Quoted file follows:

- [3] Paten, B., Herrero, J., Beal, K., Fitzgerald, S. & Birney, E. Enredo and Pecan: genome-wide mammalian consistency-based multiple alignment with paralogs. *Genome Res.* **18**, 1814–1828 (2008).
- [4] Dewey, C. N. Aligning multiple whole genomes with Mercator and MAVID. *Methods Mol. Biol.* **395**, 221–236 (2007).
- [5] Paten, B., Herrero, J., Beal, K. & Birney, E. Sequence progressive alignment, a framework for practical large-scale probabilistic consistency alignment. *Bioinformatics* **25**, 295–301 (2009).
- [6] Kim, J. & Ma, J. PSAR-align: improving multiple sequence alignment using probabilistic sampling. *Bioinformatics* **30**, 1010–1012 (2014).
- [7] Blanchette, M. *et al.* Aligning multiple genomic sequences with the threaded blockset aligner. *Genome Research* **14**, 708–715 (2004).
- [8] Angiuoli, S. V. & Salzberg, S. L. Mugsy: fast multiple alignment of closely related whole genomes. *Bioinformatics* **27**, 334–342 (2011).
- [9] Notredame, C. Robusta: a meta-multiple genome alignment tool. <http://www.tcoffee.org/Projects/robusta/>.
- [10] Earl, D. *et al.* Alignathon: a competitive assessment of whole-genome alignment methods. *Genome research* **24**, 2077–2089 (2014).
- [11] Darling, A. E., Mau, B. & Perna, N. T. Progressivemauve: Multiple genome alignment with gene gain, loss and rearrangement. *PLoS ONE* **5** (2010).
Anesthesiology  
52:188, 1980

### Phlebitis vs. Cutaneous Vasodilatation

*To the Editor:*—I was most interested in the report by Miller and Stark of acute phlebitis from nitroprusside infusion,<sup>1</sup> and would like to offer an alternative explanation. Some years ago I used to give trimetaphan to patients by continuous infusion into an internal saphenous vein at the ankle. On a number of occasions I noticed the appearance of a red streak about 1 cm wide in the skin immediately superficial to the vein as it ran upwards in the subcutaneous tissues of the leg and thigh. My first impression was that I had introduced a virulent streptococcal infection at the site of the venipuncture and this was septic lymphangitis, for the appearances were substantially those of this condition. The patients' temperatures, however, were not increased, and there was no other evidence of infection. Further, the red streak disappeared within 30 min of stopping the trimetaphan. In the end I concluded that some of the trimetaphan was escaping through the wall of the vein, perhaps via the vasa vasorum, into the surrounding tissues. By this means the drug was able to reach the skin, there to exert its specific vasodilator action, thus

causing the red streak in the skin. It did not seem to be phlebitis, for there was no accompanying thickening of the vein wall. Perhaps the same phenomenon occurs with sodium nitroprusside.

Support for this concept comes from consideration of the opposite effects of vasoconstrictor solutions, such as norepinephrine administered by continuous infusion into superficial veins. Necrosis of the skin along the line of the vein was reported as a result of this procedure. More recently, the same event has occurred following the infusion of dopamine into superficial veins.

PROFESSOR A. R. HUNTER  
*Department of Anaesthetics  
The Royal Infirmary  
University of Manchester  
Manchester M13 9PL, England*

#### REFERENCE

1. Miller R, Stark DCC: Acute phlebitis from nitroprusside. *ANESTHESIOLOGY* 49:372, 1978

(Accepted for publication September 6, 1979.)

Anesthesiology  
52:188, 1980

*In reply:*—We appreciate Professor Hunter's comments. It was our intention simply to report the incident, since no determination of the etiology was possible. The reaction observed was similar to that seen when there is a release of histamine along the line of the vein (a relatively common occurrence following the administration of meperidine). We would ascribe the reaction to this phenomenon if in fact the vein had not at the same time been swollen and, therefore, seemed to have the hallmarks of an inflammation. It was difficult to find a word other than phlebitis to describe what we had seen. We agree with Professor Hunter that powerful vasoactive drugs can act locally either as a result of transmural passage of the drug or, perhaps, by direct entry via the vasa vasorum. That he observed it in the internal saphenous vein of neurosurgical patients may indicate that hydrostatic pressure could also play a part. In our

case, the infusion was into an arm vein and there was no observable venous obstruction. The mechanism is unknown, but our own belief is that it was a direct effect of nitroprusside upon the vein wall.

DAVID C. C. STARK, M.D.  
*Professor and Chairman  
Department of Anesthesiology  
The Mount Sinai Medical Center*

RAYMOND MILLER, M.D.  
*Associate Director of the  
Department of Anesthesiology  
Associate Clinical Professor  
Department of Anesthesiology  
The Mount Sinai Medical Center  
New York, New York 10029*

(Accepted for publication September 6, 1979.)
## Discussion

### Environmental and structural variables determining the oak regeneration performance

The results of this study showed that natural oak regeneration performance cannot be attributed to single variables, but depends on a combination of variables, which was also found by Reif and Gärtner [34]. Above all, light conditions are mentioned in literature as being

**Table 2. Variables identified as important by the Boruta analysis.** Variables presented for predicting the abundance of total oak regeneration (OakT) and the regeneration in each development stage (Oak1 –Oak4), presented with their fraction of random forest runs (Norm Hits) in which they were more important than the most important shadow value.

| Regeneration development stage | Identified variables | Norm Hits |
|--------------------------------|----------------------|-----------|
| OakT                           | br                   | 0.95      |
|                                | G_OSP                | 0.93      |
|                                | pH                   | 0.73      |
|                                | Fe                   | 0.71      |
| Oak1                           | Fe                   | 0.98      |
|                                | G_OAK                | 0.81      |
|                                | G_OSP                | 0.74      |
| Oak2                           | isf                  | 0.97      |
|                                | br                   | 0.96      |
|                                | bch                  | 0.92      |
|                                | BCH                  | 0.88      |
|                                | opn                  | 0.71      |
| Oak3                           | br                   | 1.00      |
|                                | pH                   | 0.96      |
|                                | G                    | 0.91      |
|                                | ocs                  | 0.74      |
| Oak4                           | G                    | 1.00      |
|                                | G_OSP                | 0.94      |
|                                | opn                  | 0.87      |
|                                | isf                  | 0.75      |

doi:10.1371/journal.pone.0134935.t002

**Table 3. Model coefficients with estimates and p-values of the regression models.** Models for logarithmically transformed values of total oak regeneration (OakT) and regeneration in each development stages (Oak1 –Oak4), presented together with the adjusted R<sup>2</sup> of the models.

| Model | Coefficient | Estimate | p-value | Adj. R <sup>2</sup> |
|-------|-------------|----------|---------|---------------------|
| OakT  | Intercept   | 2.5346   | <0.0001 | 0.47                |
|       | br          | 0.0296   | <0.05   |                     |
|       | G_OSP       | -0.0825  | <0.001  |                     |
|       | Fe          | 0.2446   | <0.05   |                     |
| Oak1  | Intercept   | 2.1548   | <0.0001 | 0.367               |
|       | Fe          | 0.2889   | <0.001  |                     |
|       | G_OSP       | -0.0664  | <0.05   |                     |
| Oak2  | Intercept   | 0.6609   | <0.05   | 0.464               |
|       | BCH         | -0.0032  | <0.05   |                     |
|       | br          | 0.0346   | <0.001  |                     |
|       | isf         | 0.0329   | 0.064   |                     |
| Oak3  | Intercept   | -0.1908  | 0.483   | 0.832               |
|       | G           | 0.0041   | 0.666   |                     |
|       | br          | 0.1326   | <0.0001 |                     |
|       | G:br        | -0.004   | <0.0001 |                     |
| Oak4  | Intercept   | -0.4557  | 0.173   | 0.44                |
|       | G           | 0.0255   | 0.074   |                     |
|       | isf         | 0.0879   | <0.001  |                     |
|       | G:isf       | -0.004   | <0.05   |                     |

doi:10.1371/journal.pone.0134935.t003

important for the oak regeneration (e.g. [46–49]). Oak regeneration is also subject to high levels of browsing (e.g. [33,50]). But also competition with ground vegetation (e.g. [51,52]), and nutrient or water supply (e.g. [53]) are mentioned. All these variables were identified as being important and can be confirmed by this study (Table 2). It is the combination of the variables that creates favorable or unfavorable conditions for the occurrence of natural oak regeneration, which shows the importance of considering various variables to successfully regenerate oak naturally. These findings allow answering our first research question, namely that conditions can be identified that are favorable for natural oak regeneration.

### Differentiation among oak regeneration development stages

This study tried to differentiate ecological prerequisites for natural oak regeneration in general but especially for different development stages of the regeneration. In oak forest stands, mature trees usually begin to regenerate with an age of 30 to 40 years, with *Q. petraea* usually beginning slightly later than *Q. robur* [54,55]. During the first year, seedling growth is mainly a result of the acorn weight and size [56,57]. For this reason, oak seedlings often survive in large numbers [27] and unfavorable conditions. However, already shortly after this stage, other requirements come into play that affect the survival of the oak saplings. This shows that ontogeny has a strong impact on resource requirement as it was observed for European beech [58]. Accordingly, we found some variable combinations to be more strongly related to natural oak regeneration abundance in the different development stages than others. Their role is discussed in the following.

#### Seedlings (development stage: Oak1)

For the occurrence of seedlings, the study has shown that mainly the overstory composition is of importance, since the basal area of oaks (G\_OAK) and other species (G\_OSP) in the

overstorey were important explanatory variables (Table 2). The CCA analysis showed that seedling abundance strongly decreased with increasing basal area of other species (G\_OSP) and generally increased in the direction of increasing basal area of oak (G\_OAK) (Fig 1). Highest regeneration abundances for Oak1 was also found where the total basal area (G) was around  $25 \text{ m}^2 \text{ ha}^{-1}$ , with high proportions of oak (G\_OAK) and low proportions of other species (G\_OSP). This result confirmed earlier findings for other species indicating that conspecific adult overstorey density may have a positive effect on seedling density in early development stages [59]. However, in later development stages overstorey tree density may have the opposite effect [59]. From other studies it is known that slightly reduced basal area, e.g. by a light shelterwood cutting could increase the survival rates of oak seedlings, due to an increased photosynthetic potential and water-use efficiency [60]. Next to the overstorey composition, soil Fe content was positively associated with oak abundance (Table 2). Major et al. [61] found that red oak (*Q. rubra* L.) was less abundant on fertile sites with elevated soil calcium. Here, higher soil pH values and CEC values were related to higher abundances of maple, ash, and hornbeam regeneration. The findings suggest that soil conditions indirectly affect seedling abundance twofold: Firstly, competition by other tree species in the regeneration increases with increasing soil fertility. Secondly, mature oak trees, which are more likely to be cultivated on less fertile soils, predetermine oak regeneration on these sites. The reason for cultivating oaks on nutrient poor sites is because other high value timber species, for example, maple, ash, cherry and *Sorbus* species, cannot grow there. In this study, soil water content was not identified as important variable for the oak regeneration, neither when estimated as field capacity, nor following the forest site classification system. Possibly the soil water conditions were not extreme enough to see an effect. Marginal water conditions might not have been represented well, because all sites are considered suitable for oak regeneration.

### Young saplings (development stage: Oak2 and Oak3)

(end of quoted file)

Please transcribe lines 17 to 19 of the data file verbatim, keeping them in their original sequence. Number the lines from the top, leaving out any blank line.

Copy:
*Department of Anaesthetics  
The Royal Infirmary  
University of Manchester  